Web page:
What is epilepsy?
Epilepsy is a neurological disorder marked by a person having more than one seizure on more than one occasion.
Does having seizures mean I have epilepsy?
Seizures can be difficult to diagnose and can often be confused with other medical conditions such as disturbances in the rhythm of the heartbeat, certain types of sleep disorders, panic attacks, breath-holding spells in children, non-epileptic spells and numerous other conditions.
Is epilepsy curable?
Most people with epilepsy can control their seizures with the first or second medication they try. However, for people with intractable epilepsy, it can be difficult for seizures to be controlled adequately. Anyone with intractable epilepsy should seek care at an epilepsy center.
What are different levels of epilepsy care?
Primary Care: Typically, epilepsy care starts with an evaluation at an emergency room or a primary care physician’s office. This is considered the first level of epilepsy care. For many patients the first anti-epileptic medication tried will effectively control seizures without causing side-effects. If seizure control is obtained, no further specialized epilepsy evaluation may be needed.
Neurologist: If seizures persist and cannot be brought under control by the primary care provider within three months, further neurological intervention is appropriate with a general neurologist. A neurologist is a physician that specializes in diseases of the brain and central nervous system. Once seizures are under control, care can be transferred back to the primary care provider.
Epileptologists and Specialized Epilepsy Centers: Patients who are not responding to standard medical therapy who have either persistent seizures or side effects should be referred to an epilepsy specialist, known as an epileptologist or to a specialized center. Epilepsy centers provide a comprehensive team approach to the diagnosis and treatment of epilepsy. The goal is to control or at least reduce the frequency of seizures and side effects for patients.
When can I ask for a second opinion?
All patients and caregivers should have confidence in the care that they or their loved ones are receiving. If you see a family doctor, and you are continuing to have seizures, you should ask for another opinion after three months. If you are seeing a neurologist, and the seizures have not been brought under control after 9 to 12 months, then you should ask for a referral to a specialized epilepsy center. If you are being treated by an epilepsy center, you can also seek a second opinion at another epilepsy center if you have questions about the care that you are receiving.
What is an epilepsy center?
Epilepsy centers provide a comprehensive team approach to the diagnosis and treatment of epilepsy. A patient’s team will typically include epileptologists (neurologists with special expertise is treating seizures), neurosurgeons, neuropsychologists, nurse specialists, EEG technologists, social workers and others with special training and experience in epilepsy treatment. Their goal is to control or at least reduce the frequency of seizures and side effects for patients. NAEC accredits two types of epilepsy centers: level 3 and level 4 epilepsy centers. More information about epilepsy centers can be found here.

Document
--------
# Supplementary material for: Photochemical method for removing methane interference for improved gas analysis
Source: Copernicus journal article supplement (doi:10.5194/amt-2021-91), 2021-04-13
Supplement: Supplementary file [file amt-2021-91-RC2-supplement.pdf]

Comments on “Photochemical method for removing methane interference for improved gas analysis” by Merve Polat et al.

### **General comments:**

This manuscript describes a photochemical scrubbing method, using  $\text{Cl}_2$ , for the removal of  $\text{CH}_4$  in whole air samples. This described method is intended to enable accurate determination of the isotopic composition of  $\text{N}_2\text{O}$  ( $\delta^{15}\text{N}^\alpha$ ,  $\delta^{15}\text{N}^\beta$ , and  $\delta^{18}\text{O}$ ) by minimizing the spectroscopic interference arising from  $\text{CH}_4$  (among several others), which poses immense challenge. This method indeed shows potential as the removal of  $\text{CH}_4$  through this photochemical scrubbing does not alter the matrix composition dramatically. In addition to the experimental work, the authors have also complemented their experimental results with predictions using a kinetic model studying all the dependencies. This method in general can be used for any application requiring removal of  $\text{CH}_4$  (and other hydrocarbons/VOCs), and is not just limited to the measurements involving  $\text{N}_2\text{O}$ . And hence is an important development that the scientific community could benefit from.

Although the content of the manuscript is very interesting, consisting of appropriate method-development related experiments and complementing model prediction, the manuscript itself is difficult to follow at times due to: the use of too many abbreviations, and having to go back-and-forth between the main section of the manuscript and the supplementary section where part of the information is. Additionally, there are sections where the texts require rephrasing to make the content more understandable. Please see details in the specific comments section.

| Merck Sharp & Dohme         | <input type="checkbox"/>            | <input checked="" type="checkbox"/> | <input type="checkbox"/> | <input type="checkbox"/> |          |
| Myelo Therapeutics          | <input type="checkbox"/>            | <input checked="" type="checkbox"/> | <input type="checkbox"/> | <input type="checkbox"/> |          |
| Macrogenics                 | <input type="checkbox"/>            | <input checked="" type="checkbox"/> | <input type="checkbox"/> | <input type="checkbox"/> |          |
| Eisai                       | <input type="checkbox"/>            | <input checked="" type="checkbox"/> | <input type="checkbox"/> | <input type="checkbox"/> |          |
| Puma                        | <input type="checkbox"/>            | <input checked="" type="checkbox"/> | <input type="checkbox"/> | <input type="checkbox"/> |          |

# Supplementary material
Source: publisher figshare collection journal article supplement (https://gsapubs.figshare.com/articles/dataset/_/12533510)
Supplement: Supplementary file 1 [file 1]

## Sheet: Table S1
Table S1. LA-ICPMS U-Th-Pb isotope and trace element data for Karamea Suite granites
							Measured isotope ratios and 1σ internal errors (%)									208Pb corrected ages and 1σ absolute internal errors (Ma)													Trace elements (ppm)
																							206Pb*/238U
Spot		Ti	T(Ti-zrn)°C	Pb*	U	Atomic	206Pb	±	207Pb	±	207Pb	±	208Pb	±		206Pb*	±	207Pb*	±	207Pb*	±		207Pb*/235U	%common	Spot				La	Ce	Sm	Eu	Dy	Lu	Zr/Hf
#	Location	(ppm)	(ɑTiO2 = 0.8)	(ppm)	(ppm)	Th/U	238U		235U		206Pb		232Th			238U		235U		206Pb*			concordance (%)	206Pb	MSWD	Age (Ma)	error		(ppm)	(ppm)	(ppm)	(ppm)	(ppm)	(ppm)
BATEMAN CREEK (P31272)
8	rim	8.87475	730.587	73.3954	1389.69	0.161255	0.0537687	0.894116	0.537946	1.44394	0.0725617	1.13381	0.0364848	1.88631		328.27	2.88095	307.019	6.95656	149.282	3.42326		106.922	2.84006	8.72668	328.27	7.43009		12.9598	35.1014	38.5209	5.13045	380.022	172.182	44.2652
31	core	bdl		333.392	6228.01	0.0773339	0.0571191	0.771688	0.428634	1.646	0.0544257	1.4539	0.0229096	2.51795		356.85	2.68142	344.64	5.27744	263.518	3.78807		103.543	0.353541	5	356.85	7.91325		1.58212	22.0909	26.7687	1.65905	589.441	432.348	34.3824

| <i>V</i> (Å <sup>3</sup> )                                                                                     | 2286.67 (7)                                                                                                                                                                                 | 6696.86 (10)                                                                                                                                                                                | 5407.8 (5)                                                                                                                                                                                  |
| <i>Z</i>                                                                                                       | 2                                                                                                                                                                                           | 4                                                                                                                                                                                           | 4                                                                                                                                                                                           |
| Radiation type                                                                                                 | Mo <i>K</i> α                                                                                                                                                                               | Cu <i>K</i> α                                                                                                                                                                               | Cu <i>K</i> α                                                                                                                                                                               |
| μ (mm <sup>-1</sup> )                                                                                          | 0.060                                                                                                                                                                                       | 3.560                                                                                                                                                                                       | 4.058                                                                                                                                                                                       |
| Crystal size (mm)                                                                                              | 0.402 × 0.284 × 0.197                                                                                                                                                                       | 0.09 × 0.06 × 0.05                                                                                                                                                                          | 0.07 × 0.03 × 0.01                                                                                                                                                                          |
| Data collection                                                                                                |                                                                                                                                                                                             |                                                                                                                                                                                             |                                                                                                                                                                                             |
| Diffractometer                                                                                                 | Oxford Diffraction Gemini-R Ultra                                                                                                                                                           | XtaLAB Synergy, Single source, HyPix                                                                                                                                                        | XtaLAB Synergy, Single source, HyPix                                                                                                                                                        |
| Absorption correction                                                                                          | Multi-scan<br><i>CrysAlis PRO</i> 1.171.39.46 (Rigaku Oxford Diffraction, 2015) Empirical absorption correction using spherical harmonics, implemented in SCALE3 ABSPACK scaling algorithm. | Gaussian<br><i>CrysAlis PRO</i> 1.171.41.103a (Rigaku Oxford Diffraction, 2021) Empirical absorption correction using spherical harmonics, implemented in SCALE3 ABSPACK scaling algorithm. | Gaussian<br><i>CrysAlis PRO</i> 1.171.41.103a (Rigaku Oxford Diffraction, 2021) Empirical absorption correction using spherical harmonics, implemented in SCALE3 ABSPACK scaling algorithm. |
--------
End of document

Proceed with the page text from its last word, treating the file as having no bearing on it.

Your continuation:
Who should seek care at an epilepsy center?
NAEC recommends that patients whose seizures are not fully controlled after treatment for one year be referred to a level 3 or 4 specialized epilepsy center. In addition, patients may benefit from the advanced care provided by epilepsy centers if they continue to have seizures despite treatment with two medications, experience unacceptable side effects or are pregnant or want to become pregnant.
What is an Epilepsy Monitoring Unit (EMU) and what happens if I am admitted there?
An Epilepsy Monitoring Unit (EMU) is an inpatient unit at a hospital that is specifically designed for patients with seizures. Patients are typically admitted to an EMU to undergo tests to characterize their ongoing spells and to guide individual treatment decisions. Many patients undergo video-EEG monitoring while in the EMU, which allows doctors to record your brain waves before, during and after a seizure with the EEG. A video-EEG also makes a video recording of your behavior to make interpretation of the EEG more accurate. You will likely undergo other diagnostic tests as well, including a MRI, routine EEG, neuropsychological testing, and SPECT scans. Your care team will be able to explain in more detail what you can expect during your admission.
What questions should I discuss with my doctor if I’m interested in epilepsy surgery?
Epilepsy surgery is typically considered for patients who have tried three different antiepileptic drugs but whose seizures continue. You will likely need to undergo a number of tests so that your doctors can determine whether you are a candidate for surgery. If you are a candidate for surgery, you should ask your doctor about the goals for the surgery and anticipated benefits as compared to the risks of the surgery and your current quality of life and risk for injury with seizures.